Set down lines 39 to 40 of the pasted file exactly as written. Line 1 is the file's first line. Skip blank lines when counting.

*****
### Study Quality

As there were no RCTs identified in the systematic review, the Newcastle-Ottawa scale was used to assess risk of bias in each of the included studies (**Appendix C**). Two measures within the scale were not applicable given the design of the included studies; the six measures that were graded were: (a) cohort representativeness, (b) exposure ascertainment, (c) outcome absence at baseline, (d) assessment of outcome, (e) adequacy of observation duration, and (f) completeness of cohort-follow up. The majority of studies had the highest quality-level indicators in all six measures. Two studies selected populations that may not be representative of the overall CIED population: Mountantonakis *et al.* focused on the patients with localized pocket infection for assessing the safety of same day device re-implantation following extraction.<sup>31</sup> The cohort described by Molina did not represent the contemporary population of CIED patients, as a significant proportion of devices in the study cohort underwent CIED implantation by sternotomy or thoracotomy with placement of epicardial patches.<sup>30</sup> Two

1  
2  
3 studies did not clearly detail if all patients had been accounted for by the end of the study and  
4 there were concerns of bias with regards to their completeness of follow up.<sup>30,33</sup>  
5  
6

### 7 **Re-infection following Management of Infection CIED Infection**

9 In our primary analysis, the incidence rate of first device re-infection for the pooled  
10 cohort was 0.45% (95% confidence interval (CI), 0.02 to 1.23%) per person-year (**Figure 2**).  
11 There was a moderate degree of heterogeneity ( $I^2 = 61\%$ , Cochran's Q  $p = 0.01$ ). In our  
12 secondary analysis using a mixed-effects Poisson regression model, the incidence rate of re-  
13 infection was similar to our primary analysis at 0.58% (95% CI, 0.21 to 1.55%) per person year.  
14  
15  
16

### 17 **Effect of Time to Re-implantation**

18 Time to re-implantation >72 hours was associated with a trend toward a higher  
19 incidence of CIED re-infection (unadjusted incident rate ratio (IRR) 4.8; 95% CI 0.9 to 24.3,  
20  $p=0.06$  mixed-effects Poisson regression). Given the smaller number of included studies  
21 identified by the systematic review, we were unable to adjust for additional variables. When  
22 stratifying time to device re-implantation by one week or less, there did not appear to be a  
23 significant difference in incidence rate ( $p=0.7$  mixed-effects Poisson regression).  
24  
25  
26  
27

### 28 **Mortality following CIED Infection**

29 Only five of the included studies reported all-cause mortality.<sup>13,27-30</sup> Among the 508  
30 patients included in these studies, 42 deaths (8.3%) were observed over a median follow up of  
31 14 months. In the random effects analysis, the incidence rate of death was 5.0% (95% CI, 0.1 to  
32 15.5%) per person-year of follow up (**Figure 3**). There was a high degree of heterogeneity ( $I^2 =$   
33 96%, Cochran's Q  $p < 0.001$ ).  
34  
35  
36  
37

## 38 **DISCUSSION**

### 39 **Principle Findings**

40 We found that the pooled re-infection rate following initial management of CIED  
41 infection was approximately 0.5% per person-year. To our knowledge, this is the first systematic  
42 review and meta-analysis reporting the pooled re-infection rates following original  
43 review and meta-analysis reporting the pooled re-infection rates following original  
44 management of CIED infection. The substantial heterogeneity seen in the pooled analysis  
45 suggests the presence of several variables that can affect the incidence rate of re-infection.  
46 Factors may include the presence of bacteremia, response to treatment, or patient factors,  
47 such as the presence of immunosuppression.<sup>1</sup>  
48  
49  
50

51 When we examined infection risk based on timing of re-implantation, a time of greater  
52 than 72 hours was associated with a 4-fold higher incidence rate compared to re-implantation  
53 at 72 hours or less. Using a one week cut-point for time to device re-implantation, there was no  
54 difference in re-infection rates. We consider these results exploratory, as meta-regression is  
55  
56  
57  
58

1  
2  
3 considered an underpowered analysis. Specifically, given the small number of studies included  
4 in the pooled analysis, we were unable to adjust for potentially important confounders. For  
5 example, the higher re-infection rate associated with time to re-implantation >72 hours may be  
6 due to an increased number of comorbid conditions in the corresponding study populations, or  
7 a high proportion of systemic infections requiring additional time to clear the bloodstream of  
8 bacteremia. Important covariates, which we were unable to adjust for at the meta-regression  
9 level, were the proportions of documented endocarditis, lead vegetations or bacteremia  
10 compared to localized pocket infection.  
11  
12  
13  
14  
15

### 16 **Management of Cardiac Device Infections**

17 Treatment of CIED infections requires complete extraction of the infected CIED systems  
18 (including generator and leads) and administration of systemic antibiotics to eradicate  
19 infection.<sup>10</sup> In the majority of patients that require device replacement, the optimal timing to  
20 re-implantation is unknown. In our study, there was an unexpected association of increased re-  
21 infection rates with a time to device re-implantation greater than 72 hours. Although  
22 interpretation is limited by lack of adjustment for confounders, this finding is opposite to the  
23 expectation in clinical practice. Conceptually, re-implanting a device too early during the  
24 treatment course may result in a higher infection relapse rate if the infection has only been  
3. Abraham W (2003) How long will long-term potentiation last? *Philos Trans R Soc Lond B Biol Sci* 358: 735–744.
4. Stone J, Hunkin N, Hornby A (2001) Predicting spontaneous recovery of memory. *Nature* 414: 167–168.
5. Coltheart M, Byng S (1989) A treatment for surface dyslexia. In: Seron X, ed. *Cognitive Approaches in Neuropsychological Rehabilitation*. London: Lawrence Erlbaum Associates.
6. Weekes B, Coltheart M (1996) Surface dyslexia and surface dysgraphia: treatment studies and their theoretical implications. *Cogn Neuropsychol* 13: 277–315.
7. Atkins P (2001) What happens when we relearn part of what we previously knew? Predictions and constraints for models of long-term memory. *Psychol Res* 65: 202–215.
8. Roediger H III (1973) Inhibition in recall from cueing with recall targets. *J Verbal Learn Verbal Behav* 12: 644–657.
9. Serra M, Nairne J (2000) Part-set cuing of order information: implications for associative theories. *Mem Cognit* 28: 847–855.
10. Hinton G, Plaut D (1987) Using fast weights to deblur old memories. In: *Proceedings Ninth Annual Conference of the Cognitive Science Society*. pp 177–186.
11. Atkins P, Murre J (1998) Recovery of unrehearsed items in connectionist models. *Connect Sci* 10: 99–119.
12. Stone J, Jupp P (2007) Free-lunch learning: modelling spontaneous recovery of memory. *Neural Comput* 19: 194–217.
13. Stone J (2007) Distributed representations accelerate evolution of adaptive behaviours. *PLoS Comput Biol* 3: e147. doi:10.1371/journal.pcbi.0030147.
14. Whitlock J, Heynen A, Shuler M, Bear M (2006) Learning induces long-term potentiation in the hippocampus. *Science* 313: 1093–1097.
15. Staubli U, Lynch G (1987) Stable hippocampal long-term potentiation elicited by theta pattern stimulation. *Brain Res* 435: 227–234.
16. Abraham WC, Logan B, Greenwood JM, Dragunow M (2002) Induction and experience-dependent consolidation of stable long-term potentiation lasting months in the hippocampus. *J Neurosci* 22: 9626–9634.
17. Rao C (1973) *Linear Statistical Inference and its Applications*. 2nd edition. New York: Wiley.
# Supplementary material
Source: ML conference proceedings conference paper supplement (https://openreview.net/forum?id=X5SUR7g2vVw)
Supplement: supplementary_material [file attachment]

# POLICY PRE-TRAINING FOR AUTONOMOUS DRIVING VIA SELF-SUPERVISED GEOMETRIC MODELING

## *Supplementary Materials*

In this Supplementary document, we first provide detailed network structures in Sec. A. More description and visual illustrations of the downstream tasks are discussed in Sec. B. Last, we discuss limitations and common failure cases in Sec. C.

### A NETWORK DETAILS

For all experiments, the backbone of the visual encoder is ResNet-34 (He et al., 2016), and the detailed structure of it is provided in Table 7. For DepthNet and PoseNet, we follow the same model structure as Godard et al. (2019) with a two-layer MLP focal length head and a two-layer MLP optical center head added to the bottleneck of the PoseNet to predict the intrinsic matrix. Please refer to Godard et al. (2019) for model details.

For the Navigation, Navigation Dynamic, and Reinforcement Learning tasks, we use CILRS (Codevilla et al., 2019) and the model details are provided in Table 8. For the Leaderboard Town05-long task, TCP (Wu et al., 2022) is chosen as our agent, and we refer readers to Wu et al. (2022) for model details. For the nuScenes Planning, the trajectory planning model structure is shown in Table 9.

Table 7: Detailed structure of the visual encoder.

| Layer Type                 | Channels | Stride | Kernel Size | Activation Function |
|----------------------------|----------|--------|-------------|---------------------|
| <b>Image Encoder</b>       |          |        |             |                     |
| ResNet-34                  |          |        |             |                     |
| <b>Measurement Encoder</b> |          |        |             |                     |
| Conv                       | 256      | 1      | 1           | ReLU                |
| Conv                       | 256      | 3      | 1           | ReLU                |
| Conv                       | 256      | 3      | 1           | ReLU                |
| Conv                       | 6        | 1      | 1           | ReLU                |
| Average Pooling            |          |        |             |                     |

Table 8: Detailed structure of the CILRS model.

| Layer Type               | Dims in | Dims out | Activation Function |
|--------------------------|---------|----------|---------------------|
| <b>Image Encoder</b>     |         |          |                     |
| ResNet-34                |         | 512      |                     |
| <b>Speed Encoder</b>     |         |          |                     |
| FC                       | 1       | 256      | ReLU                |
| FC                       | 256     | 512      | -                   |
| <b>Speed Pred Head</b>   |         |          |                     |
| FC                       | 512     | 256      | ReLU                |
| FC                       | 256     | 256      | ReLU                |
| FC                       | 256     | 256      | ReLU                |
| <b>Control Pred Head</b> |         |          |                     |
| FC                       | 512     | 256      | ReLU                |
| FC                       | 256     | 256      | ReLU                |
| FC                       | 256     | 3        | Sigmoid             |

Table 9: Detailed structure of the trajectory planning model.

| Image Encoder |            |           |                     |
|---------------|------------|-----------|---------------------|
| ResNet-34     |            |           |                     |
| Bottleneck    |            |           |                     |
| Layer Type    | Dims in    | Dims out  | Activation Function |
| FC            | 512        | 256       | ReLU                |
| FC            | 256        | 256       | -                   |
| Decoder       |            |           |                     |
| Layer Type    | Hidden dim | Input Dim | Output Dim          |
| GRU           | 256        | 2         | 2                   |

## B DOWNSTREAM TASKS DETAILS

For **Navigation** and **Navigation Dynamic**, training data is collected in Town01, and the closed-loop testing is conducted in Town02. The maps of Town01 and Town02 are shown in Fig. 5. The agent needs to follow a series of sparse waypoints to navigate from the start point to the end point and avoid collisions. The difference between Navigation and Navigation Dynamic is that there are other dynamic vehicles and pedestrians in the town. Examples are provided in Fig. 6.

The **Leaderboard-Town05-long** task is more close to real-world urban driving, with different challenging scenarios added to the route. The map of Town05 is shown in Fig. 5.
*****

## 38 **DISCUSSION**

### 39 **Principle Findings**